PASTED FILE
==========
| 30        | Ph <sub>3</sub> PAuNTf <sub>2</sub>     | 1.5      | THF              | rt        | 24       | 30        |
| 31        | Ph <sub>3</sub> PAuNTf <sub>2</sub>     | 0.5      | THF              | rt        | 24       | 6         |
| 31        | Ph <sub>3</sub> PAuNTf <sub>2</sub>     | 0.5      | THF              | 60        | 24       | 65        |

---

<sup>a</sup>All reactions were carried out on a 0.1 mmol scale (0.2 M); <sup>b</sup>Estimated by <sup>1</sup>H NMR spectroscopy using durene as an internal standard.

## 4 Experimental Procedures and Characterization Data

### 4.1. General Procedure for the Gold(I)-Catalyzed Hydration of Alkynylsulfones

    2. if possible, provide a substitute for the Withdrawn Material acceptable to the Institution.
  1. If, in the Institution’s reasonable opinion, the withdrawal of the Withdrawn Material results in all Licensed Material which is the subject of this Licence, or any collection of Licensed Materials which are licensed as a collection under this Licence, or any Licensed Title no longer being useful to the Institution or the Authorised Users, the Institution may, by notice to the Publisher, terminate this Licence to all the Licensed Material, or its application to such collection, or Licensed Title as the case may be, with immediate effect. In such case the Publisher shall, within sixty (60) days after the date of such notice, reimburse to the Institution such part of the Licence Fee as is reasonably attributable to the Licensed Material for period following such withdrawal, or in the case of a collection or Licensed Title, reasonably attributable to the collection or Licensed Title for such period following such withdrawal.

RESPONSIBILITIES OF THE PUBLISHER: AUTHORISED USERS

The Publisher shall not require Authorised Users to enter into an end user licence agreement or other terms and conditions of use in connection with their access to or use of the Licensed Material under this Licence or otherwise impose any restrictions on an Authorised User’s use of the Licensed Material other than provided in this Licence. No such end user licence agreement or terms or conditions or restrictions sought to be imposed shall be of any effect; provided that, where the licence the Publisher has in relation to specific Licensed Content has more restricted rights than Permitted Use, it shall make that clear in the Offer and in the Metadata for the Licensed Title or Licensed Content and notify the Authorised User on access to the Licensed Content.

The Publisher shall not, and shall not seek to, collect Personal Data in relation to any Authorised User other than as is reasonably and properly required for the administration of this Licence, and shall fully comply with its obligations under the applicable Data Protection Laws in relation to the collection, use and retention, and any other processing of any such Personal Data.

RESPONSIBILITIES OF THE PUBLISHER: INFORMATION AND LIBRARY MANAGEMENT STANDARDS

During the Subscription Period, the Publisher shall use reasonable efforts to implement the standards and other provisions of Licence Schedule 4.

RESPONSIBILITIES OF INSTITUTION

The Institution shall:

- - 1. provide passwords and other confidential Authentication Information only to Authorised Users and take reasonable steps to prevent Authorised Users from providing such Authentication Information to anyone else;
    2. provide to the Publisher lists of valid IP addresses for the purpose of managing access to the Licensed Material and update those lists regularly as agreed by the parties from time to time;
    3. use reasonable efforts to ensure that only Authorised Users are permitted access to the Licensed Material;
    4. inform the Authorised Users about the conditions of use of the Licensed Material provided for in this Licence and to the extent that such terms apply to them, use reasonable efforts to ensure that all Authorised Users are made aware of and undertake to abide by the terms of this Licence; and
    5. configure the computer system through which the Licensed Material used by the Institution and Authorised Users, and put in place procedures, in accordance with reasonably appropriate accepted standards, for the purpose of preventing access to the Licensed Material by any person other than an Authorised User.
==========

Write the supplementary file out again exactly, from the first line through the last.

| 30        | Ph <sub>3</sub> PAuNTf <sub>2</sub>     | 1.5      | THF              | rt        | 24       | 30        |
| 31        | Ph <sub>3</sub> PAuNTf <sub>2</sub>     | 0.5      | THF              | rt        | 24       | 6         |
| 31        | Ph <sub>3</sub> PAuNTf <sub>2</sub>     | 0.5      | THF              | 60        | 24       | 65        |

---

<sup>a</sup>All reactions were carried out on a 0.1 mmol scale (0.2 M); <sup>b</sup>Estimated by <sup>1</sup>H NMR spectroscopy using durene as an internal standard.

## 4 Experimental Procedures and Characterization Data

### 4.1. General Procedure for the Gold(I)-Catalyzed Hydration of Alkynylsulfones

    2. if possible, provide a substitute for the Withdrawn Material acceptable to the Institution.
  1. If, in the Institution’s reasonable opinion, the withdrawal of the Withdrawn Material results in all Licensed Material which is the subject of this Licence, or any collection of Licensed Materials which are licensed as a collection under this Licence, or any Licensed Title no longer being useful to the Institution or the Authorised Users, the Institution may, by notice to the Publisher, terminate this Licence to all the Licensed Material, or its application to such collection, or Licensed Title as the case may be, with immediate effect. In such case the Publisher shall, within sixty (60) days after the date of such notice, reimburse to the Institution such part of the Licence Fee as is reasonably attributable to the Licensed Material for period following such withdrawal, or in the case of a collection or Licensed Title, reasonably attributable to the collection or Licensed Title for such period following such withdrawal.

RESPONSIBILITIES OF THE PUBLISHER: AUTHORISED USERS

The Publisher shall not require Authorised Users to enter into an end user licence agreement or other terms and conditions of use in connection with their access to or use of the Licensed Material under this Licence or otherwise impose any restrictions on an Authorised User’s use of the Licensed Material other than provided in this Licence. No such end user licence agreement or terms or conditions or restrictions sought to be imposed shall be of any effect; provided that, where the licence the Publisher has in relation to specific Licensed Content has more restricted rights than Permitted Use, it shall make that clear in the Offer and in the Metadata for the Licensed Title or Licensed Content and notify the Authorised User on access to the Licensed Content.

The Publisher shall not, and shall not seek to, collect Personal Data in relation to any Authorised User other than as is reasonably and properly required for the administration of this Licence, and shall fully comply with its obligations under the applicable Data Protection Laws in relation to the collection, use and retention, and any other processing of any such Personal Data.

RESPONSIBILITIES OF THE PUBLISHER: INFORMATION AND LIBRARY MANAGEMENT STANDARDS

During the Subscription Period, the Publisher shall use reasonable efforts to implement the standards and other provisions of Licence Schedule 4.

RESPONSIBILITIES OF INSTITUTION

The Institution shall:

- - 1. provide passwords and other confidential Authentication Information only to Authorised Users and take reasonable steps to prevent Authorised Users from providing such Authentication Information to anyone else;
    2. provide to the Publisher lists of valid IP addresses for the purpose of managing access to the Licensed Material and update those lists regularly as agreed by the parties from time to time;
    3. use reasonable efforts to ensure that only Authorised Users are permitted access to the Licensed Material;
    4. inform the Authorised Users about the conditions of use of the Licensed Material provided for in this Licence and to the extent that such terms apply to them, use reasonable efforts to ensure that all Authorised Users are made aware of and undertake to abide by the terms of this Licence; and
    5. configure the computer system through which the Licensed Material used by the Institution and Authorised Users, and put in place procedures, in accordance with reasonably appropriate accepted standards, for the purpose of preventing access to the Licensed Material by any person other than an Authorised User.